Theranostics 2020; 10(1):109-122. doi:10.7150/thno.38388 This issue

Research Paper

On-demand storage and release of antimicrobial peptides using Pandora's box-like nanotubes gated with a bacterial infection-responsive polymer

Junjian Chen1,4*, Xuetao Shi2,5*, Ye Zhu3, Yunhua Chen1,5, Meng Gao1,6, Huichang Gao1,4, Lei Liu2,6, Lin Wang2,6✉, Chuanbin Mao3✉, Yingjun Wang1,4,6✉

1. National Engineering Research Center for Tissue Restoration and Reconstruction, South China University of Technology, Guangzhou 510006, China.
2. Key Laboratory of Biomedical Materials and Engineering of the Ministry of Education, South China University of Technology, Guangzhou 510641, China.
3. Department of Chemistry and Biochemistry, University of Oklahoma, Stephenson Life Sciences Research Center Norman, OK, 73019, USA.
4. School of Biomedical Science and Engineering, South China University of Technology, Guangzhou 510006, China.
5. Key Laboratory of Biomedical Engineering of Guangdong Province, South China University of Technology, Guangzhou 510006, China.
6. Guangzhou Regenerative Medicine and Health Guangdong Laboratory, Guangzhou 510006, China.
*These authors contributed equally to this work.

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Citation:
Chen J, Shi X, Zhu Y, Chen Y, Gao M, Gao H, Liu L, Wang L, Mao C, Wang Y. On-demand storage and release of antimicrobial peptides using Pandora's box-like nanotubes gated with a bacterial infection-responsive polymer. Theranostics 2020; 10(1):109-122. doi:10.7150/thno.38388. Available from https://www.thno.org/v10p0109.htm

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Abstract

Graphic abstract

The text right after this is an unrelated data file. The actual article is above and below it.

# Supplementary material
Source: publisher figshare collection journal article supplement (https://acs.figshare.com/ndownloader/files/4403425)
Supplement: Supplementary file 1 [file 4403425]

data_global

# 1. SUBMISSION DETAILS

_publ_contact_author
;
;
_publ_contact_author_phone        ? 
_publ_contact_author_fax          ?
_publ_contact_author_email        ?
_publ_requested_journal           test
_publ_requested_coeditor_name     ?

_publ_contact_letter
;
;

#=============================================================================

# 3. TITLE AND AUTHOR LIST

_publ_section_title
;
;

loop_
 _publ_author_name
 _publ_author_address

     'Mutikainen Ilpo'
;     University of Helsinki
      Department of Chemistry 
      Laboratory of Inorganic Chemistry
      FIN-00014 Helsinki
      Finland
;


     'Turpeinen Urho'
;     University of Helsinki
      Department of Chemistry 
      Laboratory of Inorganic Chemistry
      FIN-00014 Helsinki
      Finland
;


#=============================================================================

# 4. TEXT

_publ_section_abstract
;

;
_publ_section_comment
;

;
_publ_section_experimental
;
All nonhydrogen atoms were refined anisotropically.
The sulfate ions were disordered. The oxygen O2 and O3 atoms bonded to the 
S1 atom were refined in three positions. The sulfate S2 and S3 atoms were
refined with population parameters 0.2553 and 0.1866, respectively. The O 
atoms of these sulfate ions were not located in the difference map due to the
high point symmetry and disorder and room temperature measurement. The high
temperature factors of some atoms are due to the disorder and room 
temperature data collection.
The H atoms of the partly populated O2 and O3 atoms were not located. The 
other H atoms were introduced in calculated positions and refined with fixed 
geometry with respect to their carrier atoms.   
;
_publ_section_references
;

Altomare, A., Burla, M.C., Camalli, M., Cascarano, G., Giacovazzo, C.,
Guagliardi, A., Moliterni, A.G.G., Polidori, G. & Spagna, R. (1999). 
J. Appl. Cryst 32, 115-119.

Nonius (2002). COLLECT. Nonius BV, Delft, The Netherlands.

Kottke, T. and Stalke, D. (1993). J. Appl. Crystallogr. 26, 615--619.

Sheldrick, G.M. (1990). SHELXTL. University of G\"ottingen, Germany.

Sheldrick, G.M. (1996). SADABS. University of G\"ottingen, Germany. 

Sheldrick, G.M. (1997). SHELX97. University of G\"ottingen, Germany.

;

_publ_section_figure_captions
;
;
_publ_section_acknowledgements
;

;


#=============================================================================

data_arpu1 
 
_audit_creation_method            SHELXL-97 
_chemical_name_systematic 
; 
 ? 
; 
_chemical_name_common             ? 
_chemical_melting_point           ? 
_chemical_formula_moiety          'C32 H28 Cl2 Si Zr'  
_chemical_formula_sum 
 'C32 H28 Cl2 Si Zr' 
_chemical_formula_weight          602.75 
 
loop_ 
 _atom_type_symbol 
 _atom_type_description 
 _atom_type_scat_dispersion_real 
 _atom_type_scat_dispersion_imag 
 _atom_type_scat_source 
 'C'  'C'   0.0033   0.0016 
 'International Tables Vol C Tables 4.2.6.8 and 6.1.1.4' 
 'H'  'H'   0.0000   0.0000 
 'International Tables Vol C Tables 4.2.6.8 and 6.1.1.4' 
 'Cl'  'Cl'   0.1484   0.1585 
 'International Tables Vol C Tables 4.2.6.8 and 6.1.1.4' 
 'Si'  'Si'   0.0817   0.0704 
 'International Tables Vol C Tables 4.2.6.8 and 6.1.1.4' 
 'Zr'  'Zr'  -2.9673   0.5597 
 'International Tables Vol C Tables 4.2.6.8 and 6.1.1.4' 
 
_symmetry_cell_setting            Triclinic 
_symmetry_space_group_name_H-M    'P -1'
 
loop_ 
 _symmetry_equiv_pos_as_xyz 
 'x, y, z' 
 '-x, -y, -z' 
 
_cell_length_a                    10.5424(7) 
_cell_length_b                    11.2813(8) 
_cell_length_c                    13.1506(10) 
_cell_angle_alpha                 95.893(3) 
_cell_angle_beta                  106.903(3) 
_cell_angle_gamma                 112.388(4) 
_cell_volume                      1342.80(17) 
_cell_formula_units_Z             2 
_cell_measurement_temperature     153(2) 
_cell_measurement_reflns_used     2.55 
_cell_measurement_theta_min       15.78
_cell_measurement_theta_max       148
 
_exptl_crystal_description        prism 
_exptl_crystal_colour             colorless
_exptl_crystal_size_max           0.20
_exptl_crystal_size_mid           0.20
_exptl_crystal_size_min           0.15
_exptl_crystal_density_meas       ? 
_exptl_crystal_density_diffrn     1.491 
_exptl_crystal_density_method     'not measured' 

Background: Localized delivery of antimicrobial agents such as antimicrobial peptides (AMPs) by a biomaterial should be on-demand. Namely, AMPs should be latent and biocompatible in the absence of bacterial infection, but released in an amount enough to kill bacteria immediately in response to bacterial infection.

Methods: To achieve the unmet goal of such on-demand delivery, here we turned a titanium implant with titania nanotubes (Ti-NTs) into a Pandora's box. The box was loaded with AMPs (HHC36 peptides, with a sequence of KRWWKWWRR) inside the nanotubes and “closed” (surface-modified) with a pH-responsive molecular gate, poly(methacrylic acid) (PMAA), which swelled under normal physiological conditions (pH 7.4) but collapsed under bacterial infection (pH ≤ 6.0). Thus, the PMAA-gated Ti-NTs behaved just like a Pandora's box. The box retarded the burst release of AMPs under physiological conditions because the gate swelled to block the nanotubes opening. However, it was opened to release AMPs to kill bacteria immediately when bacterial infection occurred to lowering the pH (and thus made the gate collapse).

Results: We demonstrated such smart excellent bactericidal activity against a panel of four clinically important bacteria, including Staphylococcus aureus, Escherichia coli, Pseudomonas aeruginosa, methicillin-resistant Staphylococcus aureus. In addition, this box was biocompatible and could promote the osteogenic differentiation of human mesenchymal stem cells. Both in vitro and in vivo studies confirmed the smart “on-demand” bactericidal activity of the Pandora's box. The molecularly gated Pandora's box design represents a new strategy in smart drug delivery.

Keywords: Titania nanotubes, pH-Responsive molecular gate, On-demand delivery, Bactericidal activity, Peptides